Page:The Folk-Lore Journal Volume 7 1889.djvu/67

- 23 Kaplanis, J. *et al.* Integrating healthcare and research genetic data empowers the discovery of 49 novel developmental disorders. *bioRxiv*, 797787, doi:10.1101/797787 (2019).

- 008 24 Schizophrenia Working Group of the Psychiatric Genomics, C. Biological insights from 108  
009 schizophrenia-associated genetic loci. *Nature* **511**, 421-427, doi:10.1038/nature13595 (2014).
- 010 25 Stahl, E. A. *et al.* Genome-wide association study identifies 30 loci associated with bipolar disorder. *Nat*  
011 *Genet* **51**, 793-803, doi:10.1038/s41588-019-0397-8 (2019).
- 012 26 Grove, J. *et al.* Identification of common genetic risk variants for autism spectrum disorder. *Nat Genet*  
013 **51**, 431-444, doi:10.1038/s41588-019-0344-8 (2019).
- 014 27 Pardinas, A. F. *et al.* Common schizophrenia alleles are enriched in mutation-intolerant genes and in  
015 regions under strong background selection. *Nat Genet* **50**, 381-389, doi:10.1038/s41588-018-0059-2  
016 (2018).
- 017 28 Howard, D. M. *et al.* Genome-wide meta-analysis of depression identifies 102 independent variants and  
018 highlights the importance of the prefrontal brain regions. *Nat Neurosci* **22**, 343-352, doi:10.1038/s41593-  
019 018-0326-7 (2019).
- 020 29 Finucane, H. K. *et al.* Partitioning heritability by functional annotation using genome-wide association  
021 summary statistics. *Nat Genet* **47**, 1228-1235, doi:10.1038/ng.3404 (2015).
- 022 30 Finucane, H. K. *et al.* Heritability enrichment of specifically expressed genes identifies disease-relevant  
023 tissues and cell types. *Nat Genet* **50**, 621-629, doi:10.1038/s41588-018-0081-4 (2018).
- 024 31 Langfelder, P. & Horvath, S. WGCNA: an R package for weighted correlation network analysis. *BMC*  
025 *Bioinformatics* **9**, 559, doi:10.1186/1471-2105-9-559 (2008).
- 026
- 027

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popular tales, which are very interesting on account of their Tupi and Spanish affinities. The tales are entitled "Tio Tigre and Tio Conejo" ("Uncle Tiger and Uncle Rabbit"), and all of them have for their subject the superiority of cunning and craft over sheer force. "Uncle Tiger had a field of splendid water melons. He observed that somebody visited his field at night and stole the melons ; therefore, he made a figure of a man of black wax and placed it in the field. At night Uncle Rabbit came, and saw the figure. "What are you doing there, you black man ? Get away !" The figure did not reply. Then Uncle Rabbit went up to the black man and boxed his ears ; but his right hand stuck to the wax. "Let go my hand, or I'll box your other ear," cried he. When he did so his left-hand also stuck to the wax. Then he knocked his head against the forehead of the figure ; his head stuck to it. Then he worked with his hind legs to get away; they also stuck to the wax, and Uncle Rabbit was caught. Early in the morning Uncle Tiger came, and when he saw Uncle Rabbit, he cried, "Oho ! have we got the thief? Now I'll eat you !" "Wait a moment," said Uncle Rabbit; "set me free, and I will show you a pit in which two large deer have been caught. You had better eat those." Uncle Tiger thought, "Two large deer are better than Uncle Rabbit," and he set him free. Uncle Rabbit led him to a deep pit, and said, "Stoop down and you will see the deer." When Uncle Tiger did so, Uncle Rabbit pushed him from behind, and Uncle Tiger fell into the pit. Uncle Rabbit, however, ran away as fast as his legs would carry him." Here is another story : "Uncle Rabbit was very sad because he was so small. He went to God and wanted to be made taller. God said, "I will do so, but first bring me a coral snake, a wasp swarm, and a calabash filled with women's tears." Uncle Rabbit started on his journey, and arrived in a forest where there were many snakes. Walking along there, he said, "I bet there is room for him, I bet there is room for him !" A coral snake heard him, and asked what his speech meant. He replied, "The wasps say that there is not room enough for you in this calabash, and I bet that you can get in there." "We will see at once who is right," said the snake, and he crawled into the calabash. When he